I did think that I knew what most of the fruits were and that they could be found in the supermarket. But oh, how wrong I was...
A few weeks ago, I paid a visit to an edible botanical garden called ‘Pomar dos Sabores’ (Orchard of Flavours) close to the seaside near Tavira. I was absolutely astonished at what I found. Not only were there an abundance of trees and plants that I had never seen before, but there were also some of the familiar favourites that, on closer inspection, had a very fruity twist.
This experiment has only been going for a year and a half, and yet this fascinating and, indeed, flavourful garden is already fairly well established. The project’s founder, Miguel Cotton, found me at the gate, gazing up in wonder at the colourful and quirky map of the orchard. He greeted me wearing a smile and the large hat (with extra back shade) of someone who has learned how harsh the sun can be working in the garden all day. Miguel is from Belgium and, as far as I could find out, was a lawyer, but also founded a tour operating company, and he now, along with running this place, also teaches agroecology at the University of Brussels (currently via Zoom). He’s always had a huge passion for botany and, after studying permaculture in Ireland, he visited many different projects all over the world - where he saw and fell in love with all kinds of weird and wonderful plants.
So, what made him decide to move to the Algarve, of all places? Well, a few years ago he came to stay with some friends and he told me the story of how he woke up in the morning at their house and looked out to see a banana tree and a guava tree growing happily in the garden. It was then that he had his epiphany and said to himself, “Miguel, this is the most subtropical place in Europe, I wonder what else you could grow here?”.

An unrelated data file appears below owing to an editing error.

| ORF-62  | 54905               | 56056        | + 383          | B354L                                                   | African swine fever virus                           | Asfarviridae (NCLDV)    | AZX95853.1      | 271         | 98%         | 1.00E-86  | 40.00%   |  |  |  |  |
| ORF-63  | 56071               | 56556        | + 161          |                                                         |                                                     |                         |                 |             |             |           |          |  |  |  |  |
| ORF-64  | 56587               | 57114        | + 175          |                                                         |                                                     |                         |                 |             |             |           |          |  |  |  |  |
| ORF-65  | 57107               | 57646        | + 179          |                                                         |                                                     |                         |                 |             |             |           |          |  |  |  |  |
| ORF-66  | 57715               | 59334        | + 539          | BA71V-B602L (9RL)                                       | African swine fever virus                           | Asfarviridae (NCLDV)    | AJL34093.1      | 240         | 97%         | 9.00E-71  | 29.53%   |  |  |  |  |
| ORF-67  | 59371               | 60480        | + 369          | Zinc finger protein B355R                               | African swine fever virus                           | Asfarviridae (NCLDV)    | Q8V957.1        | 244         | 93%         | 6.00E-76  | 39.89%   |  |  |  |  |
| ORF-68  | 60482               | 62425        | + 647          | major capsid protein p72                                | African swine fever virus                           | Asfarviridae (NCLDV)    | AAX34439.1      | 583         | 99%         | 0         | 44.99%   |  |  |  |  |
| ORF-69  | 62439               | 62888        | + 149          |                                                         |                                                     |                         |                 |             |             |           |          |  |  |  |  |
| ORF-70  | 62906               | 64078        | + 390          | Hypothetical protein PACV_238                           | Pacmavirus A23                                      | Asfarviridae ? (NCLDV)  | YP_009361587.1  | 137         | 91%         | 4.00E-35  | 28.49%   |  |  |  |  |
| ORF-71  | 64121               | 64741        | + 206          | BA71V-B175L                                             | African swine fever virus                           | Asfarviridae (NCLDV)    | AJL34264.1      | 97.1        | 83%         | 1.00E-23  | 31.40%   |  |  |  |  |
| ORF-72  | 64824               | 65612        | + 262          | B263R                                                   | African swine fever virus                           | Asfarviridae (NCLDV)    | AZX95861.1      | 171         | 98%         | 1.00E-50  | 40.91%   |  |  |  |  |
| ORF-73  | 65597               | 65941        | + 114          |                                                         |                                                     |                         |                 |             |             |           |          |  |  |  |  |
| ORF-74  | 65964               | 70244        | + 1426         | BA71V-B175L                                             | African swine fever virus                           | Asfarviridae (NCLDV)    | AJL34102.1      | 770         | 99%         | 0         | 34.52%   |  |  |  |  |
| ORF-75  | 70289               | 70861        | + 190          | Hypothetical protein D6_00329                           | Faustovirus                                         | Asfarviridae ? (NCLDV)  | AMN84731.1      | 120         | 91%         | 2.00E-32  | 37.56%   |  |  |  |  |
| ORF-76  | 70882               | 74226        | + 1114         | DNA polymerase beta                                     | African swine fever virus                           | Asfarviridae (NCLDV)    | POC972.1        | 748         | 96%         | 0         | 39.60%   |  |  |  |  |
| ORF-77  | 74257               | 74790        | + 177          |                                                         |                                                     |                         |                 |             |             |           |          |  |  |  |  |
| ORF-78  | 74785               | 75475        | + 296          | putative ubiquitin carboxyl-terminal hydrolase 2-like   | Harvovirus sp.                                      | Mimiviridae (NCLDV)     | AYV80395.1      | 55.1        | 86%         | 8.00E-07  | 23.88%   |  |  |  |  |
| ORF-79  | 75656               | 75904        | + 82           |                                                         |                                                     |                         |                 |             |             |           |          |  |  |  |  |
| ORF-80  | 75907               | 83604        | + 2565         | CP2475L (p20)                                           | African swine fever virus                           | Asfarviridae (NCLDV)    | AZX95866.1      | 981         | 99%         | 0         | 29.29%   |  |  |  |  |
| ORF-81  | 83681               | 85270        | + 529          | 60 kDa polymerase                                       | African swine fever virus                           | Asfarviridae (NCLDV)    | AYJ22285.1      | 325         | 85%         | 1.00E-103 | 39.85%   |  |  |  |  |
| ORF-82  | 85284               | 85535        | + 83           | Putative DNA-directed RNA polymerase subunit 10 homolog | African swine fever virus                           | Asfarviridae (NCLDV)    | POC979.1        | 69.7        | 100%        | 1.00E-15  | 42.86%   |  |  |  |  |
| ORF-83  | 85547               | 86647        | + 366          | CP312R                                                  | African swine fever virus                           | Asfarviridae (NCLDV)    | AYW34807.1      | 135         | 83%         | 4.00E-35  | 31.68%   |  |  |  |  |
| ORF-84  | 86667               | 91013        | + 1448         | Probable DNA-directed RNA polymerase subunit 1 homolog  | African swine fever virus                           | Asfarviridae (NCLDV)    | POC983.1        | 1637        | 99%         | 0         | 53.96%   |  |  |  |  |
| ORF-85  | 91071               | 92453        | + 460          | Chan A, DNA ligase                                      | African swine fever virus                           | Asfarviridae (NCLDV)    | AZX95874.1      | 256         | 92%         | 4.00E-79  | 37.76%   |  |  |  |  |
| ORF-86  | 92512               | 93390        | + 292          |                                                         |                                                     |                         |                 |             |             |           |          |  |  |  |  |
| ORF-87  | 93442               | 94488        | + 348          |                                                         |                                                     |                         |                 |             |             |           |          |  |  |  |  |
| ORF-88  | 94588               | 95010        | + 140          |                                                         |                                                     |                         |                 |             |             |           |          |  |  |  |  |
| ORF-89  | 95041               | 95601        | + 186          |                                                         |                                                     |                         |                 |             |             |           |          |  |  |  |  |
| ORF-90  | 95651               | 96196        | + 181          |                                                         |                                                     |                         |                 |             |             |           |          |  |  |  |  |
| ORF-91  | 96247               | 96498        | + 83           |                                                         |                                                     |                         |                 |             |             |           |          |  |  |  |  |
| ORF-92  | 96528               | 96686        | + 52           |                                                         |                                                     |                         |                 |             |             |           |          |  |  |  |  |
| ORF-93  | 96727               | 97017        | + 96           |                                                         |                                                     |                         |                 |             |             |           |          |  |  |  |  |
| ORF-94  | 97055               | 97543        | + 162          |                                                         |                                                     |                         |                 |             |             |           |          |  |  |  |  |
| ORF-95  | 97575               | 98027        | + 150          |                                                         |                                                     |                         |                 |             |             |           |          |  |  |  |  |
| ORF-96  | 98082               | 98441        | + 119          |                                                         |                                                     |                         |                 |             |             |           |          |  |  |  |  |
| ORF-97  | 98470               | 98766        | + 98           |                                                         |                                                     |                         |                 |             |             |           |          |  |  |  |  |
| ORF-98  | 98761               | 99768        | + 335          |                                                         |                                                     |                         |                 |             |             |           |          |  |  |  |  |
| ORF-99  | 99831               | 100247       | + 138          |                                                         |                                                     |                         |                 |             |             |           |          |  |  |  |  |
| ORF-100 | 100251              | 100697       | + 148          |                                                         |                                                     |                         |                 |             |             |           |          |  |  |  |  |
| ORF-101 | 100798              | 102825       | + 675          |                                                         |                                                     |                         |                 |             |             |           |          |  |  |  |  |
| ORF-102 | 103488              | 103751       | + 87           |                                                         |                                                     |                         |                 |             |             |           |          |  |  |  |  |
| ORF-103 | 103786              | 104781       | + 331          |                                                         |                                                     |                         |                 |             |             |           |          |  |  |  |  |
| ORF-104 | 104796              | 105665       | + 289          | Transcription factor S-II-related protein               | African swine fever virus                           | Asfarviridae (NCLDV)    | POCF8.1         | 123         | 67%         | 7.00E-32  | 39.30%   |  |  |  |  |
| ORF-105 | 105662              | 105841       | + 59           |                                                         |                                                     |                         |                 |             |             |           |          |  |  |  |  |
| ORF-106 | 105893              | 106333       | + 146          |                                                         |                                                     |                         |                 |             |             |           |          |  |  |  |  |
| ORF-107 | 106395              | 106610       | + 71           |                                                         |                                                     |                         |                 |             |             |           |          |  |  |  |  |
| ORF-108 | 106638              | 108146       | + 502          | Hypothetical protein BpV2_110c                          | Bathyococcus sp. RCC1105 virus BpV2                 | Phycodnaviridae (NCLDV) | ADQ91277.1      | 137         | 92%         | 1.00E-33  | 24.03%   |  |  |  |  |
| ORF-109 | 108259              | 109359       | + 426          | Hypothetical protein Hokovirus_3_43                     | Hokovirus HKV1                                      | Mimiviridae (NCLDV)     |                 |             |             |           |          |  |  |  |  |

So, with this in mind, he acquired this one hectare piece of land (with plans to move into the field next door as the orchard expands) and set about sourcing all these curious and irregular plants from specialized nurseries (mostly from France, Spain and the Canaries), as well as from private collectors and friends. He then, with the help of like-minded locals and volunteers (from the international volunteering site wwoof.pt), has been working hard to create this orchard full of all kinds of flavours - where everything is edible (in one way or another).
Most of the plants and trees are subtropical and this is an experiment to see what fruit production could conceivably be relocated to Europe.
It could also serve to inspire people and show them how the environmentally friendly approach could work in their own garden. So far they have planted around 250 different fruit trees, and Miguel plans to plant another 100 by the end of the year.
It really is a very scientific endeavour. Everything is very well organized. Miguel keeps track of all sorts of details, including things like the type of soil, as well as having, in the centre of the garden, what’s called ‘The Brain’ (of the operation). This is a very sophisticated irrigation system that allows him to not just save water, but to control and record exactly how much each plant gets. And all this information is recorded online in his database, for anyone whose interested.